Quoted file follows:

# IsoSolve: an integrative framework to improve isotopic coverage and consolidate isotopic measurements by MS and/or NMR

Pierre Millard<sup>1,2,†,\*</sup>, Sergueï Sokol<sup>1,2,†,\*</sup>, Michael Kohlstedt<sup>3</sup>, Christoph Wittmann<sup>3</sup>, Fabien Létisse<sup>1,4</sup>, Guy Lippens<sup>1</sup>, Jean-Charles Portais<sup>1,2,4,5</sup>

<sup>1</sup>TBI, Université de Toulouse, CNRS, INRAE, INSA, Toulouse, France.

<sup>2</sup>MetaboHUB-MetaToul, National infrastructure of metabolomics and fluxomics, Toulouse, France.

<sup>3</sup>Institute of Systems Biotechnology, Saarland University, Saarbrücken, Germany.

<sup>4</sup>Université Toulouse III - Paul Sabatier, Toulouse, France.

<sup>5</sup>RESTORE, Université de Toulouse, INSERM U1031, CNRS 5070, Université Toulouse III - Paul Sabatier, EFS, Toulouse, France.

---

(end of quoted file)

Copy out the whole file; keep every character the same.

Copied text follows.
# IsoSolve: an integrative framework to improve isotopic coverage and consolidate isotopic measurements by MS and/or NMR

Pierre Millard<sup>1,2,†,\*</sup>, Sergueï Sokol<sup>1,2,†,\*</sup>, Michael Kohlstedt<sup>3</sup>, Christoph Wittmann<sup>3</sup>, Fabien Létisse<sup>1,4</sup>, Guy Lippens<sup>1</sup>, Jean-Charles Portais<sup>1,2,4,5</sup>

<sup>1</sup>TBI, Université de Toulouse, CNRS, INRAE, INSA, Toulouse, France.

<sup>2</sup>MetaboHUB-MetaToul, National infrastructure of metabolomics and fluxomics, Toulouse, France.

<sup>3</sup>Institute of Systems Biotechnology, Saarland University, Saarbrücken, Germany.

<sup>4</sup>Université Toulouse III - Paul Sabatier, Toulouse, France.

<sup>5</sup>RESTORE, Université de Toulouse, INSERM U1031, CNRS 5070, Université Toulouse III - Paul Sabatier, EFS, Toulouse, France.

---